Written by: Dr. Liz Matheis and Featured by: Shield HealthCare
A child with special needs (or as some parents and children would rather call it: a disability) can be a very demanding job for parents. Throw into the mix a sibling or two and now you are managing several different worlds of need. Oh, and a spouse or partner – now it’s a party but without the disco ball!
Now let me change the perspective: what it’s like to be the sibling of a child with special needs. In my house, my daughter can be exceptionally demanding and difficult on most days. These are the days when I find myself drained and unable to respond to my other two children with patience or just plain old consideration.
When I sit with my thoughts at the end of the day – the daily day-in-review beat down you are all familiar with – I feel guilty. I feel like I’ve cheated my two boys. I feel like I didn’t connect with them about their day’s struggles or celebrations. I feel like I became consumed by the intense emotion that gets riled up in me and that I work so hard to manage.
Every few months, my older son will confide in me that he needed something from me but didn’t tell me because his sister needed me more. He doesn’t ask for help or vent especially on the days that my daughter is especially difficult because he can see I’m exhausted. I understand why he does what he does but I’m also sad that he feels like he has to wait.
It’s not his job but I realize that there is a unique dynamic that happens in the home of a family with a child with special needs. When I think about my own children’s’ experiences as well as the experiences of the children with whom I work professionally, there are a few things to note about their day to day.
They Feel Like the 3rd Wheel
We all do this. We know our child’s needs and we anticipate, accommodate and plan ahead. We wake in the morning with a plan in mind for the day’s activities or schedule and we know what to avoid or how to make it easier or more pleasant for our child with special needs.
We don’t think in this same way about our neurotypical children. We think that they will adapt and be ‘okay’ because, for the most part, they can, and do, just go with it. Well, at least much better than our child with special needs. And when they resist, we push back… harder… because we know we can get them to agree.
But, the truth of the matter is, they feel like the third wheel. They know they are here for the ride but that the focus is on their sibling. They know that their parents will jump on the need of their special needs sibling, quickly. They know that their needs may have to wait. They see their parents’ distress, they see the tantrums, they see the doctor’s visits. They see it. They see it all. And they feel the need to ‘be good’ so as not to create more demand on their parents.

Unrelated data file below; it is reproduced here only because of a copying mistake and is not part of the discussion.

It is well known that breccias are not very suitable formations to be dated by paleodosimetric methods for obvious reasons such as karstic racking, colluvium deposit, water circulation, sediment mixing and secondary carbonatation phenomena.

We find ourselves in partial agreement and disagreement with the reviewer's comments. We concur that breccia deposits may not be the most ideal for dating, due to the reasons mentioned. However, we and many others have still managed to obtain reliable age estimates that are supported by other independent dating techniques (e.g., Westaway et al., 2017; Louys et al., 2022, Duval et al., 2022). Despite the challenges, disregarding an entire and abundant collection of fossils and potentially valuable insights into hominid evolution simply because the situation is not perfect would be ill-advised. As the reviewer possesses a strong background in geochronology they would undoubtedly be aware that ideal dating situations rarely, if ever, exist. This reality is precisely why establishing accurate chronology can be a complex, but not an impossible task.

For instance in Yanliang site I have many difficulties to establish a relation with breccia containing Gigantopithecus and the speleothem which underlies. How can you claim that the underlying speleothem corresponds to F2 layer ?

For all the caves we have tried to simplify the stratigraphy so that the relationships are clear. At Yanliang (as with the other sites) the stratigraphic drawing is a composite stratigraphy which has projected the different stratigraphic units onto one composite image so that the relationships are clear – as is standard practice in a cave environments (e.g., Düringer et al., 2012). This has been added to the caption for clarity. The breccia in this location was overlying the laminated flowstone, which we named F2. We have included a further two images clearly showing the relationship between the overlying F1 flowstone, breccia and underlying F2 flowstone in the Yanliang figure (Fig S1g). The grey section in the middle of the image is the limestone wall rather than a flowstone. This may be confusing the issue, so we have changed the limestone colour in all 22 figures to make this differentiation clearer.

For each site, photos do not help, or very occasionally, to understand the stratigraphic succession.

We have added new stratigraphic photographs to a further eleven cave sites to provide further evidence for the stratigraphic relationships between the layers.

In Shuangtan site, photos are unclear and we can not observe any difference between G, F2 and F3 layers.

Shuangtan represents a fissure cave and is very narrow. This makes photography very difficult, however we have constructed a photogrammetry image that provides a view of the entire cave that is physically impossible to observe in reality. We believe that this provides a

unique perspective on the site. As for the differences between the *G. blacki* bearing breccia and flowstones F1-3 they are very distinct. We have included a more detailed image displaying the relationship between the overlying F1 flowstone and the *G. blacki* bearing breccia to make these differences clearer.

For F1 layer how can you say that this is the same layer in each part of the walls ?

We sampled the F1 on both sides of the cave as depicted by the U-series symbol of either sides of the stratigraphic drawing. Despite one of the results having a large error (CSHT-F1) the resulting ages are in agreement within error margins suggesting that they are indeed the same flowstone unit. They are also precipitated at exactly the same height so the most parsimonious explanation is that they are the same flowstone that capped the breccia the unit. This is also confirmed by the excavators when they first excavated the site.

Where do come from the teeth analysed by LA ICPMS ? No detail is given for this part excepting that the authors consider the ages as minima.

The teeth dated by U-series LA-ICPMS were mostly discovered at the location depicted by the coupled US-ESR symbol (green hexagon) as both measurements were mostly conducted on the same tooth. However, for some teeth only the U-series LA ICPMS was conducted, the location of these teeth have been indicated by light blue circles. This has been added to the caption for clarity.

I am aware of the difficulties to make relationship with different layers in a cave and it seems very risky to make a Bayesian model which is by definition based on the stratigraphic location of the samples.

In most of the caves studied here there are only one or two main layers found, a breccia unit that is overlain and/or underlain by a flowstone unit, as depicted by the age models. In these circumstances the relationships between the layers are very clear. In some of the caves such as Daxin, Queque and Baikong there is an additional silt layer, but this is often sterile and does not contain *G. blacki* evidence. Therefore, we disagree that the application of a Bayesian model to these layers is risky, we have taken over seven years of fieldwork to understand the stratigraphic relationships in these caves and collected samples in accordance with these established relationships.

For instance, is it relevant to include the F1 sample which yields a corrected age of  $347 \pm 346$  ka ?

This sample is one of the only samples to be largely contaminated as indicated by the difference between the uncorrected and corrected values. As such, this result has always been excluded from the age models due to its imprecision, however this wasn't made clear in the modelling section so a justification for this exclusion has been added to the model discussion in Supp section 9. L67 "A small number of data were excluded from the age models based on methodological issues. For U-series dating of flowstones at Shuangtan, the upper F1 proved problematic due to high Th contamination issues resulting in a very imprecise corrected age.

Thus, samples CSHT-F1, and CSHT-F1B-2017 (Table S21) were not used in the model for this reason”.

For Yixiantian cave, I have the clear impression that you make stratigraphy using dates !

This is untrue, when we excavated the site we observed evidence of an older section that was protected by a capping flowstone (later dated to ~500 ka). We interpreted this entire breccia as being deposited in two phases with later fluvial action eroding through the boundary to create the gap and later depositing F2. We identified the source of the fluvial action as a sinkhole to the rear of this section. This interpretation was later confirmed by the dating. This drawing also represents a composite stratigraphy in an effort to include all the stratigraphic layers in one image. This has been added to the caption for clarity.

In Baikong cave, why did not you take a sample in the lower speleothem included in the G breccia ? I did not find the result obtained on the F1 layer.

They Become Another Adult in the House
Although it may not be said that the sibling of a child with special needs has to help out, they know and we need their help. We need them to do their homework, to know when to take out the trash, to leave parents alone, to get ready for the next day, and stay on top of their school work.
We need them to delay gratification. We need them to know when to intervene with their sibling and when to leave the room. Sadly, they become another adult in the house, even when we, as their parents, don’t expect it or even want it. They just take on additional responsibilities and become little adults.
To Help, Validate and Celebrate Often
Although it is very easy for the moments to become days and the days to become months and the months to become years, as parents of our neurotypical children, we need to stop trying to get through the day. Instead, I encourage us to set a reminder to take a moment to ask about our child’s day – ask about that Math test, the drama within their friend group, and remember what is important to them. To remember to celebrate a good grade on a test or project, or getting a part in the school play. And to comfort them when things just didn’t work in their favor. To acknowledge that they too are an important member of the family.
We may know this logically, but we may not be conveying it clearly and often enough.
Let’s make it a point to validate and thank our neurotypical children for what they do for our families, emotionally and physically. To recognize that our child with special needs is indeed demanding, difficult and needy and that there is a special place in the family and family dynamic for everyone.
Make statements like, “I know that it’s hard to live in this house sometimes, but thank you.”
“Thank you for doing your homework without being asked.”
“Thank you for helping me out when I didn’t even ask you.”
“ Thank you for being patient. Thank you for being tolerant.”
“Thank you for being sympathetic.”
Find the Time to Be One-On-One
I know it’s easier said than done, but in the same way we make time for our child with special needs, we need to set aside time for one-on-one time, out of the house, with our neurotypical child. Set aside time once every two weeks and put it on the calendar. Go out for a walk, a mani/pedi, dinner, lunch, a movie, or a stroll in the mall. Whatever is interesting for your child and gives the two of you uninterrupted time to bond. It’s easy to get lost in the day to day care of your child with special needs, but setting aside the time (and treating it like a doctor’s appointment for your special needs child) will get that time on the calendar. Treat it as a sacred appointment and try not to postpone or reschedule.
My fellow parents of special needs children, I see you, I hear your struggles. I know this is a big balancing act in managing everyone’s needs. I’m not asking you to do more, but I am asking you to disperse your energy a little differently.
Dr. Liz Matheis
Dr Liz Matheis and her team specialize in assisting children and their families with Anxiety, Autism, AD/HD, Learning Disabilities and Behavioral Struggles